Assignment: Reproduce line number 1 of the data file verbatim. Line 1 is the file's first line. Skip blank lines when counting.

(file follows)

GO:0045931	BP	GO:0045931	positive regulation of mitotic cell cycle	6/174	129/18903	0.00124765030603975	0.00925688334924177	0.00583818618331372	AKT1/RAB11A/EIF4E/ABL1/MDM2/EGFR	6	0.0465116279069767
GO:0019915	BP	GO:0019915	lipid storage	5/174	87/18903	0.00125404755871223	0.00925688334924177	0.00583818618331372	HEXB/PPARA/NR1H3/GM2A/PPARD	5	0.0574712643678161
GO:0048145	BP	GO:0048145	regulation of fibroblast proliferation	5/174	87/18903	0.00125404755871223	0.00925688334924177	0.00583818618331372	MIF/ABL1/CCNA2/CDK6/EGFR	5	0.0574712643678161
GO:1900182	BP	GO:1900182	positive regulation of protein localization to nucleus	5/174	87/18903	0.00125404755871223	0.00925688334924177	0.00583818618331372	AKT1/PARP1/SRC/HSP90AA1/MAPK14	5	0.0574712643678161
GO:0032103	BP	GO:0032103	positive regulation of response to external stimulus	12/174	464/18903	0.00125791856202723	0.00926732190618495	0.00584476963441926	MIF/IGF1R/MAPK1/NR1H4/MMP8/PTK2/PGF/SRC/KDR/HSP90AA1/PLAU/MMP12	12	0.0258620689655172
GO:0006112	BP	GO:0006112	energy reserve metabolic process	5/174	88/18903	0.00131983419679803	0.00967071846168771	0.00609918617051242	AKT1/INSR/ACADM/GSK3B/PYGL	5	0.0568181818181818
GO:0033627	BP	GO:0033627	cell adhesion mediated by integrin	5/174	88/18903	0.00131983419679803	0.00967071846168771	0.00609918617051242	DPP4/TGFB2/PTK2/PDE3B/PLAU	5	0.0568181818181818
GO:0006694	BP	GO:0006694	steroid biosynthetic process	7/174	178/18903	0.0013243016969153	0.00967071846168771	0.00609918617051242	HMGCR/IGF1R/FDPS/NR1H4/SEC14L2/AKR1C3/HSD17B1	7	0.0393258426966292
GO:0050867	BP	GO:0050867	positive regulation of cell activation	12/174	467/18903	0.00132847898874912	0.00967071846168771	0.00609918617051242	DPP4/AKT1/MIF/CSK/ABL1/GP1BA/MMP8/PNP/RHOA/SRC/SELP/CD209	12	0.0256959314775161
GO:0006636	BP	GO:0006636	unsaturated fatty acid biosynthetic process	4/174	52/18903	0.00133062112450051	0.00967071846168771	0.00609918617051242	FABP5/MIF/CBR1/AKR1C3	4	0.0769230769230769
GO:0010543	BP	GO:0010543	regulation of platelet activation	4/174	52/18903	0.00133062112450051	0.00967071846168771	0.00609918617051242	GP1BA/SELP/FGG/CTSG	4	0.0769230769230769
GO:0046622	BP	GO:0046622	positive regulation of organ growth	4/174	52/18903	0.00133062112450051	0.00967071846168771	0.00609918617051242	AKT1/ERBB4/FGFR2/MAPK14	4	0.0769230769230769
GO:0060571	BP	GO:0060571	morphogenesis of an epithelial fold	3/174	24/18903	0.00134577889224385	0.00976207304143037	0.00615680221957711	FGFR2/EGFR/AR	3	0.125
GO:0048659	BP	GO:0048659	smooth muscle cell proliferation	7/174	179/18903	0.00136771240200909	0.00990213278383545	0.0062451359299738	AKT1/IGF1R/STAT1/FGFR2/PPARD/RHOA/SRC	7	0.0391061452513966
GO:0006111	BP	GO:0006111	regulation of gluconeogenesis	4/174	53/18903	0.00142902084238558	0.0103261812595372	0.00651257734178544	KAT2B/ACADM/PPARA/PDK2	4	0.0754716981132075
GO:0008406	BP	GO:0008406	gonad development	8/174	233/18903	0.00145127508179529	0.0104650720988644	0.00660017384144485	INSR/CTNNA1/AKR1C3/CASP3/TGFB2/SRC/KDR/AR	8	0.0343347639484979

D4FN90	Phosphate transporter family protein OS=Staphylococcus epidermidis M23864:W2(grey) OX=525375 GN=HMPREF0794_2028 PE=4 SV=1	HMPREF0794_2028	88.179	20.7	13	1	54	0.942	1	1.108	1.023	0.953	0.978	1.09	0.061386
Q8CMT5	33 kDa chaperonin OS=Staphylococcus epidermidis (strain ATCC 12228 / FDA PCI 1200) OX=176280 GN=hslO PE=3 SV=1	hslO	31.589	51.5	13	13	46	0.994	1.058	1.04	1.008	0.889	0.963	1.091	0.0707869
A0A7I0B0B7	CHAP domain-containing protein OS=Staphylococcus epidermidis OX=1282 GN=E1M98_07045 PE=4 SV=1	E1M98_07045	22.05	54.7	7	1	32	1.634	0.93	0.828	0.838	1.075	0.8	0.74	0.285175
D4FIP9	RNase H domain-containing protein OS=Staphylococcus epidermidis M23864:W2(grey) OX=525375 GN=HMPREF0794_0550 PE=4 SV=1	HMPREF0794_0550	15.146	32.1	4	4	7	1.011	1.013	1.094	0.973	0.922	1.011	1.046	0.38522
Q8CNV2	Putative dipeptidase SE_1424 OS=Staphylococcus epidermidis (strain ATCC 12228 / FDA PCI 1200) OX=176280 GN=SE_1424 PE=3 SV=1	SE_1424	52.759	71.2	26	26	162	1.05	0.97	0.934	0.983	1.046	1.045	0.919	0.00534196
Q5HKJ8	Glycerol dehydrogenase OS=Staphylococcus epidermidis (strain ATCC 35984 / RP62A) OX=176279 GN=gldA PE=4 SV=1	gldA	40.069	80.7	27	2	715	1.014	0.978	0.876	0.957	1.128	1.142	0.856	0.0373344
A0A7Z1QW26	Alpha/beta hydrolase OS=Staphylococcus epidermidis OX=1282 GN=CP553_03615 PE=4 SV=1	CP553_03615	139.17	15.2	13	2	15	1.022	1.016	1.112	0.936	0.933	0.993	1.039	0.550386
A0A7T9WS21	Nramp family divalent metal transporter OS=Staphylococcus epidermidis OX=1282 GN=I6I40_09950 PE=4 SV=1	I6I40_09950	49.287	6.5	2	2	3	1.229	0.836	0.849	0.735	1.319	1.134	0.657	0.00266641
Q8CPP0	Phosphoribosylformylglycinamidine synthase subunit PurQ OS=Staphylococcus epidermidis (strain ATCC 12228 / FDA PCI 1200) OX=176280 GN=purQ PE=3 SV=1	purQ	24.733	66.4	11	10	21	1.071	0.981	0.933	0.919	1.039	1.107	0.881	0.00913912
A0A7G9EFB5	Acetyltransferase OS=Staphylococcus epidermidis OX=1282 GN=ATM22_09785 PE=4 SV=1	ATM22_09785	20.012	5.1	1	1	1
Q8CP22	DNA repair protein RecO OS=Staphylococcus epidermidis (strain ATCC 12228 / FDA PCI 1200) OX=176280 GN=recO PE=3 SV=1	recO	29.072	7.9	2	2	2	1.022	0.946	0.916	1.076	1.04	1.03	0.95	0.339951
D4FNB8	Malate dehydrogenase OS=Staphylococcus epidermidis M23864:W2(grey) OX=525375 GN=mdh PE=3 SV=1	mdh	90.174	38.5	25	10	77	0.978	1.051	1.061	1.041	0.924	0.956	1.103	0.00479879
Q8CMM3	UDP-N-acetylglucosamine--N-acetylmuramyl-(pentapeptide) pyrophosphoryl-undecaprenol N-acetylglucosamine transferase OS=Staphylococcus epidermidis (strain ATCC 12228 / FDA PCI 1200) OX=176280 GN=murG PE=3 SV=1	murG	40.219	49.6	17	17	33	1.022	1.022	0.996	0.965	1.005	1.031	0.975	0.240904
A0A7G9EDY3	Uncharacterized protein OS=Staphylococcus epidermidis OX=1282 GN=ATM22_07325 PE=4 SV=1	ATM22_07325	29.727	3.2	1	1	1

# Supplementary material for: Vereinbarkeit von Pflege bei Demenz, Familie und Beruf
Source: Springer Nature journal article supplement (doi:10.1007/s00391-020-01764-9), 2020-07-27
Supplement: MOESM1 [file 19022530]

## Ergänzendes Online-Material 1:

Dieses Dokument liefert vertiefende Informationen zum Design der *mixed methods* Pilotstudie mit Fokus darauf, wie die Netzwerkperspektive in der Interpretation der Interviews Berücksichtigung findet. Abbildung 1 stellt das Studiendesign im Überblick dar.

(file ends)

GO:0045931	BP	GO:0045931	positive regulation of mitotic cell cycle	6/174	129/18903	0.00124765030603975	0.00925688334924177	0.00583818618331372	AKT1/RAB11A/EIF4E/ABL1/MDM2/EGFR	6	0.0465116279069767